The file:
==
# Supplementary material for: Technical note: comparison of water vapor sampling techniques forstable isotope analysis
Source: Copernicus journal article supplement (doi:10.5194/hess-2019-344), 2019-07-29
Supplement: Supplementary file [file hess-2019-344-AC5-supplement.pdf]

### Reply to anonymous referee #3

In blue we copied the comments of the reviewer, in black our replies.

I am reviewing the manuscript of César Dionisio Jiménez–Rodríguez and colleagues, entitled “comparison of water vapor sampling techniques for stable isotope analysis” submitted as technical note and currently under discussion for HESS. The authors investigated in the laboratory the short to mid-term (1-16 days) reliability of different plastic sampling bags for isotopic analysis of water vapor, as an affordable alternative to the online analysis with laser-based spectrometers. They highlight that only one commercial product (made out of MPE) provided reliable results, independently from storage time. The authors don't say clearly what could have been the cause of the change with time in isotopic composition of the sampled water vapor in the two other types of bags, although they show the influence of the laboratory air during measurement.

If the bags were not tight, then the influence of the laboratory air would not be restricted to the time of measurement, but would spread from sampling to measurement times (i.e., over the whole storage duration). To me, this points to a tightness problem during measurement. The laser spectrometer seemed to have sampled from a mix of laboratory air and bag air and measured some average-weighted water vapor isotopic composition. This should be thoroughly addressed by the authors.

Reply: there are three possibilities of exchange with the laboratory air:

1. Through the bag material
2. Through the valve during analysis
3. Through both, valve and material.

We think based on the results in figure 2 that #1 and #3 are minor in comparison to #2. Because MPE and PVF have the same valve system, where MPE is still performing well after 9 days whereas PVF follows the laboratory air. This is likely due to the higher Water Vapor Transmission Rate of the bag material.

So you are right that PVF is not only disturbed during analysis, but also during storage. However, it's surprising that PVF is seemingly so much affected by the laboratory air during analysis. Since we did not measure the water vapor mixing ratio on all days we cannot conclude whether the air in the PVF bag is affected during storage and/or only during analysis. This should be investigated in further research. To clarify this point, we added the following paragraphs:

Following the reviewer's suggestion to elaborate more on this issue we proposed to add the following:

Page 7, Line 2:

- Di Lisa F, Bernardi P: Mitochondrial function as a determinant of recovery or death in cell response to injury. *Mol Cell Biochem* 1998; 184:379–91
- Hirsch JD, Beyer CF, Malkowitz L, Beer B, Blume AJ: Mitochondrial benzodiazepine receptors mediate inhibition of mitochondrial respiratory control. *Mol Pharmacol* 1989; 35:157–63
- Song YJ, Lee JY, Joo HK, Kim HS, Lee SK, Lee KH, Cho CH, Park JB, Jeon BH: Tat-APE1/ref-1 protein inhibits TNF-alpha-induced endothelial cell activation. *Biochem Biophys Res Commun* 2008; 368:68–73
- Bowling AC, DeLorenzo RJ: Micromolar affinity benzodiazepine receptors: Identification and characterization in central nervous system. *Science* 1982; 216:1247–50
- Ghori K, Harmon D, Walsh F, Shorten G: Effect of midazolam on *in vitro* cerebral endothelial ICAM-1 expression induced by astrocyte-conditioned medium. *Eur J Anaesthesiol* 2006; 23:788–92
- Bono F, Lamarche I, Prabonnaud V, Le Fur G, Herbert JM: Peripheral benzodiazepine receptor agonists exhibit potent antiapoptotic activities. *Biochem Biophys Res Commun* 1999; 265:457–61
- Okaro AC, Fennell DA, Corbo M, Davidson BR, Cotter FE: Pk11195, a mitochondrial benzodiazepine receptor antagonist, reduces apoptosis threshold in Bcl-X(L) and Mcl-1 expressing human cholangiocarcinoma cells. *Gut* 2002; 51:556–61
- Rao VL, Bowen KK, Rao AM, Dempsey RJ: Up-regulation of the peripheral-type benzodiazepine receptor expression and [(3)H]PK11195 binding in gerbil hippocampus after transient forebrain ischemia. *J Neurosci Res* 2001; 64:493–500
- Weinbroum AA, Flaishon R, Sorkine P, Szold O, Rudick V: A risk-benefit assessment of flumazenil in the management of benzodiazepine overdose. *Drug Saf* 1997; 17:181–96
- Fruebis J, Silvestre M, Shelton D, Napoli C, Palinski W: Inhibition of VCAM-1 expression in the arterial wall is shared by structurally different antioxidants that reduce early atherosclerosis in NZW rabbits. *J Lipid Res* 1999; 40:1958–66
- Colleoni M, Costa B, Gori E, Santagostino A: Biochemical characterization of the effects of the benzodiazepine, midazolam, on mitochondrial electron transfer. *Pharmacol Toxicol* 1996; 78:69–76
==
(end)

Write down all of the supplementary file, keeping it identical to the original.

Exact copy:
# Supplementary material for: Technical note: comparison of water vapor sampling techniques forstable isotope analysis
Source: Copernicus journal article supplement (doi:10.5194/hess-2019-344), 2019-07-29
Supplement: Supplementary file [file hess-2019-344-AC5-supplement.pdf]

### Reply to anonymous referee #3

In blue we copied the comments of the reviewer, in black our replies.

I am reviewing the manuscript of César Dionisio Jiménez–Rodríguez and colleagues, entitled “comparison of water vapor sampling techniques for stable isotope analysis” submitted as technical note and currently under discussion for HESS. The authors investigated in the laboratory the short to mid-term (1-16 days) reliability of different plastic sampling bags for isotopic analysis of water vapor, as an affordable alternative to the online analysis with laser-based spectrometers. They highlight that only one commercial product (made out of MPE) provided reliable results, independently from storage time. The authors don't say clearly what could have been the cause of the change with time in isotopic composition of the sampled water vapor in the two other types of bags, although they show the influence of the laboratory air during measurement.

If the bags were not tight, then the influence of the laboratory air would not be restricted to the time of measurement, but would spread from sampling to measurement times (i.e., over the whole storage duration). To me, this points to a tightness problem during measurement. The laser spectrometer seemed to have sampled from a mix of laboratory air and bag air and measured some average-weighted water vapor isotopic composition. This should be thoroughly addressed by the authors.

Reply: there are three possibilities of exchange with the laboratory air:

1. Through the bag material
2. Through the valve during analysis
3. Through both, valve and material.

We think based on the results in figure 2 that #1 and #3 are minor in comparison to #2. Because MPE and PVF have the same valve system, where MPE is still performing well after 9 days whereas PVF follows the laboratory air. This is likely due to the higher Water Vapor Transmission Rate of the bag material.

So you are right that PVF is not only disturbed during analysis, but also during storage. However, it's surprising that PVF is seemingly so much affected by the laboratory air during analysis. Since we did not measure the water vapor mixing ratio on all days we cannot conclude whether the air in the PVF bag is affected during storage and/or only during analysis. This should be investigated in further research. To clarify this point, we added the following paragraphs:

Following the reviewer's suggestion to elaborate more on this issue we proposed to add the following:

Page 7, Line 2:

- Di Lisa F, Bernardi P: Mitochondrial function as a determinant of recovery or death in cell response to injury. *Mol Cell Biochem* 1998; 184:379–91
- Hirsch JD, Beyer CF, Malkowitz L, Beer B, Blume AJ: Mitochondrial benzodiazepine receptors mediate inhibition of mitochondrial respiratory control. *Mol Pharmacol* 1989; 35:157–63
- Song YJ, Lee JY, Joo HK, Kim HS, Lee SK, Lee KH, Cho CH, Park JB, Jeon BH: Tat-APE1/ref-1 protein inhibits TNF-alpha-induced endothelial cell activation. *Biochem Biophys Res Commun* 2008; 368:68–73
- Bowling AC, DeLorenzo RJ: Micromolar affinity benzodiazepine receptors: Identification and characterization in central nervous system. *Science* 1982; 216:1247–50
- Ghori K, Harmon D, Walsh F, Shorten G: Effect of midazolam on *in vitro* cerebral endothelial ICAM-1 expression induced by astrocyte-conditioned medium. *Eur J Anaesthesiol* 2006; 23:788–92
- Bono F, Lamarche I, Prabonnaud V, Le Fur G, Herbert JM: Peripheral benzodiazepine receptor agonists exhibit potent antiapoptotic activities. *Biochem Biophys Res Commun* 1999; 265:457–61
- Okaro AC, Fennell DA, Corbo M, Davidson BR, Cotter FE: Pk11195, a mitochondrial benzodiazepine receptor antagonist, reduces apoptosis threshold in Bcl-X(L) and Mcl-1 expressing human cholangiocarcinoma cells. *Gut* 2002; 51:556–61
- Rao VL, Bowen KK, Rao AM, Dempsey RJ: Up-regulation of the peripheral-type benzodiazepine receptor expression and [(3)H]PK11195 binding in gerbil hippocampus after transient forebrain ischemia. *J Neurosci Res* 2001; 64:493–500
- Weinbroum AA, Flaishon R, Sorkine P, Szold O, Rudick V: A risk-benefit assessment of flumazenil in the management of benzodiazepine overdose. *Drug Saf* 1997; 17:181–96
- Fruebis J, Silvestre M, Shelton D, Napoli C, Palinski W: Inhibition of VCAM-1 expression in the arterial wall is shared by structurally different antioxidants that reduce early atherosclerosis in NZW rabbits. *J Lipid Res* 1999; 40:1958–66
- Colleoni M, Costa B, Gori E, Santagostino A: Biochemical characterization of the effects of the benzodiazepine, midazolam, on mitochondrial electron transfer. *Pharmacol Toxicol* 1996; 78:69–76